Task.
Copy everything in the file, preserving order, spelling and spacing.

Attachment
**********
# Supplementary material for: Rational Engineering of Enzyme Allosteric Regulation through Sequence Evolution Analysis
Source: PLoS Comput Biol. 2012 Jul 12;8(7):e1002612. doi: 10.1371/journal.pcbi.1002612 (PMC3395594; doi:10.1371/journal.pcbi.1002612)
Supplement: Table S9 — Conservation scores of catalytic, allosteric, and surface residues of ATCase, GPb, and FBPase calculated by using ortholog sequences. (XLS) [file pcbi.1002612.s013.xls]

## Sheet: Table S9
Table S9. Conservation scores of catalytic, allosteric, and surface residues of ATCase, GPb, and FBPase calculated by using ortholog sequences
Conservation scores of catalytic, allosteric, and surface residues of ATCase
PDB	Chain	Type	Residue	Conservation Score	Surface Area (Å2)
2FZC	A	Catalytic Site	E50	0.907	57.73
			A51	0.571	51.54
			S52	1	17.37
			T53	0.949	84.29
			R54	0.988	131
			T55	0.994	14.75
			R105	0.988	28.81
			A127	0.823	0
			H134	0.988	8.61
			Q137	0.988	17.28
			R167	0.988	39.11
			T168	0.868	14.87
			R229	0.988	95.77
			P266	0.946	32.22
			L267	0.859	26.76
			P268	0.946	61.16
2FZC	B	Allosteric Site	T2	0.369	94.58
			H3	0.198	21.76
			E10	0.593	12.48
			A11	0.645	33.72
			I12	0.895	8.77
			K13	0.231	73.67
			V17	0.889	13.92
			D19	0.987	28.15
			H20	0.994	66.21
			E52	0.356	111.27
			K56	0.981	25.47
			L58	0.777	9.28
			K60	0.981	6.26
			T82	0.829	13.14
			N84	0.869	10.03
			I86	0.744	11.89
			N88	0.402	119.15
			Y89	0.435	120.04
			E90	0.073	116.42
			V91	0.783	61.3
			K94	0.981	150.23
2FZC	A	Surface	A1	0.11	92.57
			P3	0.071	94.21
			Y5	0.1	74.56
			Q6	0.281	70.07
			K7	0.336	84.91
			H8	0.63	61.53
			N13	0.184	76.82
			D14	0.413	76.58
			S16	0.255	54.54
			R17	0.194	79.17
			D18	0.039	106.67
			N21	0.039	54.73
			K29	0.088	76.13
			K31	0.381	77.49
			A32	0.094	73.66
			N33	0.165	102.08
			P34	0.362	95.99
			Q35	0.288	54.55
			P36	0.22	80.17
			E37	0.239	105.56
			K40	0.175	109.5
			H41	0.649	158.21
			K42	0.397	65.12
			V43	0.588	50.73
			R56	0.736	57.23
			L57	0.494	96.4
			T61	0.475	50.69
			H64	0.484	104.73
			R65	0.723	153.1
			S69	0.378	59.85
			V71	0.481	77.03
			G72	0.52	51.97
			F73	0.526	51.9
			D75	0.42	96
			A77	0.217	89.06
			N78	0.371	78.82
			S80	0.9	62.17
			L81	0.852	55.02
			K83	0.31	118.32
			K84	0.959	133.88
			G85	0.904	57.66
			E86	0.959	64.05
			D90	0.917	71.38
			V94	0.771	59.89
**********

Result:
# Supplementary material for: Rational Engineering of Enzyme Allosteric Regulation through Sequence Evolution Analysis
Source: PLoS Comput Biol. 2012 Jul 12;8(7):e1002612. doi: 10.1371/journal.pcbi.1002612 (PMC3395594; doi:10.1371/journal.pcbi.1002612)
Supplement: Table S9 — Conservation scores of catalytic, allosteric, and surface residues of ATCase, GPb, and FBPase calculated by using ortholog sequences. (XLS) [file pcbi.1002612.s013.xls]

## Sheet: Table S9
Table S9. Conservation scores of catalytic, allosteric, and surface residues of ATCase, GPb, and FBPase calculated by using ortholog sequences
Conservation scores of catalytic, allosteric, and surface residues of ATCase
PDB	Chain	Type	Residue	Conservation Score	Surface Area (Å2)
2FZC	A	Catalytic Site	E50	0.907	57.73
			A51	0.571	51.54
			S52	1	17.37
			T53	0.949	84.29
			R54	0.988	131
			T55	0.994	14.75
			R105	0.988	28.81
			A127	0.823	0
			H134	0.988	8.61
			Q137	0.988	17.28
			R167	0.988	39.11
			T168	0.868	14.87
			R229	0.988	95.77
			P266	0.946	32.22
			L267	0.859	26.76
			P268	0.946	61.16
2FZC	B	Allosteric Site	T2	0.369	94.58
			H3	0.198	21.76
			E10	0.593	12.48
			A11	0.645	33.72
			I12	0.895	8.77
			K13	0.231	73.67
			V17	0.889	13.92
			D19	0.987	28.15
			H20	0.994	66.21
			E52	0.356	111.27
			K56	0.981	25.47
			L58	0.777	9.28
			K60	0.981	6.26
			T82	0.829	13.14
			N84	0.869	10.03
			I86	0.744	11.89
			N88	0.402	119.15
			Y89	0.435	120.04
			E90	0.073	116.42
			V91	0.783	61.3
			K94	0.981	150.23
2FZC	A	Surface	A1	0.11	92.57
			P3	0.071	94.21
			Y5	0.1	74.56
			Q6	0.281	70.07
			K7	0.336	84.91
			H8	0.63	61.53
			N13	0.184	76.82
			D14	0.413	76.58
			S16	0.255	54.54
			R17	0.194	79.17
			D18	0.039	106.67
			N21	0.039	54.73
			K29	0.088	76.13
			K31	0.381	77.49
			A32	0.094	73.66
			N33	0.165	102.08
			P34	0.362	95.99
			Q35	0.288	54.55
			P36	0.22	80.17
			E37	0.239	105.56
			K40	0.175	109.5
			H41	0.649	158.21
			K42	0.397	65.12
			V43	0.588	50.73
			R56	0.736	57.23
			L57	0.494	96.4
			T61	0.475	50.69
			H64	0.484	104.73
			R65	0.723	153.1
			S69	0.378	59.85
			V71	0.481	77.03
			G72	0.52	51.97
			F73	0.526	51.9
			D75	0.42	96
			A77	0.217	89.06
			N78	0.371	78.82
			S80	0.9	62.17
			L81	0.852	55.02
			K83	0.31	118.32
			K84	0.959	133.88
			G85	0.904	57.66
			E86	0.959	64.05
			D90	0.917	71.38
			V94	0.771	59.89